Clad in frayed woollens, draped in thin quilts and huddled around small fires, many of Delhi’s homeless say they would rather brave the harsh winter chill on the streets than being cramped into "stinky and murky" shelters.
The national capital has an estimated 150,000 homeless people and a majority of them camp outdoors throughout the year. And in the prevailing harsh winters, they battle all odds armed with just a couple of quilts and a few woollens.
But they would rather stack up cardboard sheets and blankets on footpaths instead of fighting for cramping space in an ill-maintained government night shelter, says one such destitute, Babli.
"I have lived on the streets for 25 years. My parents were also homeless. I sell balloons at traffic signals during the day. But we cook, sleep and bathe here on the footpath," Babli, who lives in Sector 6 of R.K. Puram in south Delhi, told IANS.
"We are not interested in going to those shelters. The conditions are awful. It stinks and the place is dingy with no place for people to walk around," said her husband Kadu.
Delhi has about 40 night shelters with a capacity for 6,000 people.
Taking cognizance of the mismatch in the numbers, the Supreme Court Wednesday ordered the Delhi government to provide night shelters to all the homeless in the capital by the evening.
While last year there were 46 shelters during winters, which included 17 permanent shelters and 29 temporary ones, this year the number has been reduced to 33 (17 permanent and 16 temporary). Of these 16 shelters, one was recently demolished, according to the Supreme Court Commissioners Report of Jan 13.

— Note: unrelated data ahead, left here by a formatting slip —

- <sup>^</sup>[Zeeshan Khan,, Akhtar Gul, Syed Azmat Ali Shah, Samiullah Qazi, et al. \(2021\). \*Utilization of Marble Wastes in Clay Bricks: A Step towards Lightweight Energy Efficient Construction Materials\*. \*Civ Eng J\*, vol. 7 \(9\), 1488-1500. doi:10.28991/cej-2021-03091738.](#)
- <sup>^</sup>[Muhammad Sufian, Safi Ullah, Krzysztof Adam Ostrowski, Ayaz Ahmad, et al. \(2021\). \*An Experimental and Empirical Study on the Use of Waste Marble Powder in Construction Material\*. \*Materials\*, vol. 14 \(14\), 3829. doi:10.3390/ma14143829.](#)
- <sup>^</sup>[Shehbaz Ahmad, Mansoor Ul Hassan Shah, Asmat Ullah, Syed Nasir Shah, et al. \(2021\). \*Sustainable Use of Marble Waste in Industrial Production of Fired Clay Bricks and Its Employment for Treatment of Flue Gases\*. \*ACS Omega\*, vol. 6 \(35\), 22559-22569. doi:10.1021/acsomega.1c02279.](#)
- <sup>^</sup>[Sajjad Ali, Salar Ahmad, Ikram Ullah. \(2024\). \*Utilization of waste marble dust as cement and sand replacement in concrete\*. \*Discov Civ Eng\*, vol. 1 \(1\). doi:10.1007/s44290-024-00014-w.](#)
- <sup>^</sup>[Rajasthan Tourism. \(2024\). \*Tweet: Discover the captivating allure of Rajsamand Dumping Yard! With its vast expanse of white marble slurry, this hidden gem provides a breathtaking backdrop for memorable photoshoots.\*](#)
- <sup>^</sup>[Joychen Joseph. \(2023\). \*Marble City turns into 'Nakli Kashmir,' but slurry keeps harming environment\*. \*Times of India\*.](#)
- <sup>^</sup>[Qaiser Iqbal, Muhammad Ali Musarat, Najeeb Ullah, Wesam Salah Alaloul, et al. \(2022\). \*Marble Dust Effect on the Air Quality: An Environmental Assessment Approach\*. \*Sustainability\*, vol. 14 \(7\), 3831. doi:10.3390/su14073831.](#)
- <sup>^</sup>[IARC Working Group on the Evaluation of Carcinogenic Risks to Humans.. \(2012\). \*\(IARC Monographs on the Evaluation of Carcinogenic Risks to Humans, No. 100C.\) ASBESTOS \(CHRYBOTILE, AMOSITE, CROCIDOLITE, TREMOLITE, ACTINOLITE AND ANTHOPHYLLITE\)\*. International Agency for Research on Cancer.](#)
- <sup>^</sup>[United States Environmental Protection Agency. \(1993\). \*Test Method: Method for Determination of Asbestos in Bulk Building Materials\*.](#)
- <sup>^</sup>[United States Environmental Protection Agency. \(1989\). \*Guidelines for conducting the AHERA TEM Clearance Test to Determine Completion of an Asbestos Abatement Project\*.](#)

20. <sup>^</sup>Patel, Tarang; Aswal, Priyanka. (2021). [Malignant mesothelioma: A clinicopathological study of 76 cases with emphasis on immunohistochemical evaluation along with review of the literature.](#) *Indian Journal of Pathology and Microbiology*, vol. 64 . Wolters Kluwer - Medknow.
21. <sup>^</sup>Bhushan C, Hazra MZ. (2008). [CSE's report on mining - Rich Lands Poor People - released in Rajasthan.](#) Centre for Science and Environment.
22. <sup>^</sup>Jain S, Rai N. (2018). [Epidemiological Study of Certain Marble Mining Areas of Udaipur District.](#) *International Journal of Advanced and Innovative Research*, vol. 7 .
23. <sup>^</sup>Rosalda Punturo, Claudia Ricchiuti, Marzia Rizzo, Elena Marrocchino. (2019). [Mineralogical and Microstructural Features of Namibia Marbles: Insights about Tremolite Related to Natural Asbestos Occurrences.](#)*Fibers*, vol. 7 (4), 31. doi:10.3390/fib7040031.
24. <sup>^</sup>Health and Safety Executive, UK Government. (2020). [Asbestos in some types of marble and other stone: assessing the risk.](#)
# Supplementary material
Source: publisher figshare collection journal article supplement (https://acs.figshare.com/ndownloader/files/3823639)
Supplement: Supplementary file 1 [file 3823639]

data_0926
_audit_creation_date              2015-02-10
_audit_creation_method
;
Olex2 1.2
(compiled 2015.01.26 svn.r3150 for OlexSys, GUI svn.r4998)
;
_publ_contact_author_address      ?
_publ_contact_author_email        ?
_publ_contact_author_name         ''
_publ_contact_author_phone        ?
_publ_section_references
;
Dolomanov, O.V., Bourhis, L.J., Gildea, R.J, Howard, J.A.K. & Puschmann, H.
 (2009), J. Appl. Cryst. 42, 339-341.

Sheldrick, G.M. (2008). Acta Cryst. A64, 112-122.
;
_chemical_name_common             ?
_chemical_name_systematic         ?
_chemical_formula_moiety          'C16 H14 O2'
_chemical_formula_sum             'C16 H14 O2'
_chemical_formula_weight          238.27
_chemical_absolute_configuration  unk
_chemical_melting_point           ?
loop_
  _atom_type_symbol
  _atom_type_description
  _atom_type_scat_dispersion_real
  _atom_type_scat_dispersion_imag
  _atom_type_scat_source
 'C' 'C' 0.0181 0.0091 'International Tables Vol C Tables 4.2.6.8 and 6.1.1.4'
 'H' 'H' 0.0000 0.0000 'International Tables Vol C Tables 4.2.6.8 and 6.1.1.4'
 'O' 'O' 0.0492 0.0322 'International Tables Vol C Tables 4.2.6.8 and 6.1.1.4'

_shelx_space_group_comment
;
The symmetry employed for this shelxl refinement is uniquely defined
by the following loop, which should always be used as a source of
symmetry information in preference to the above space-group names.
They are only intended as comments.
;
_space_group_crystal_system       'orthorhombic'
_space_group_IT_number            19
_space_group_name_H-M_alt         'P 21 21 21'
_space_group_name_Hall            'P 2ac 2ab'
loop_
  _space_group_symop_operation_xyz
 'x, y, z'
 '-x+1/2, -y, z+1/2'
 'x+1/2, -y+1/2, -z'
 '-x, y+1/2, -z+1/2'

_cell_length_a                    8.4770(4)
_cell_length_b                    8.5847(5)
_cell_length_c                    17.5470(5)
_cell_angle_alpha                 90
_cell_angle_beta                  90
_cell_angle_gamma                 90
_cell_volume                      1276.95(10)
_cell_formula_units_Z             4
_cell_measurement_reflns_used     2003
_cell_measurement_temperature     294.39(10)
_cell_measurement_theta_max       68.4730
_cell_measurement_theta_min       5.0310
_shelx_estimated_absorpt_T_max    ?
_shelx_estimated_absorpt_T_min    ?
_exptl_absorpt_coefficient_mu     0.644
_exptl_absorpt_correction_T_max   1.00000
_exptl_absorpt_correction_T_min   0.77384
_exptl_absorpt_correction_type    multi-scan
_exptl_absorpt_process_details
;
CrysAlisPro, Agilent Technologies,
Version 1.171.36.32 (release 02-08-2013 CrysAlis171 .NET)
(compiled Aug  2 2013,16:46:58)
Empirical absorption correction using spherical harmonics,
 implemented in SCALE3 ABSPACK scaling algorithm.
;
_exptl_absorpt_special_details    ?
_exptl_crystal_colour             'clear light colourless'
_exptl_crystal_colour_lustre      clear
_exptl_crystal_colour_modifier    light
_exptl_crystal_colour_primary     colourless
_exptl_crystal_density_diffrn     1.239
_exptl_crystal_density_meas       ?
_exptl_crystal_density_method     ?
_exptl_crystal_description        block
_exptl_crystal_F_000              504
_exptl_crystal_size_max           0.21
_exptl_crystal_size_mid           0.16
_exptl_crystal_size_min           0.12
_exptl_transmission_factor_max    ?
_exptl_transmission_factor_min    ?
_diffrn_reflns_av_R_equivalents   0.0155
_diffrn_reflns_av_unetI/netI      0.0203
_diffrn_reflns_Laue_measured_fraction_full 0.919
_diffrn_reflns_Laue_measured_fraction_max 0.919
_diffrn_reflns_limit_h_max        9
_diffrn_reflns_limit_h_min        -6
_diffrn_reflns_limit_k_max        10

Said Vijay, another destitute staying on the streets for seven years: "We get no help from the government. At night instead, police officers come to shoo us away so we move away to the nearby parks for some time and return later."
He showed scars and bruises on his legs, which he alleged were marks of police beatings when he resisted moving.
Like him, Suraj too is homeless. Handicapped, he begs at traffic signals in central Delhi. But he said approaching the government for assistance was impossible.
"I used to live at a slum in south Delhi for many years but I have been living in the streets for a decade now. The government gave me a mobile public booth as help once, but that was stolen. Then I approached a minister for help but the staff there didn’t let me enter. We have no option but to beg for a living," he said.
Suraj with his wife Lakshmi and three young children camp each day on a footpath in south Delhi’s Moti Bagh colony surviving with seven pieces of woollen clothings and a few quilts as protection against the severe cold wave conditions.
–Indo-Asian News Service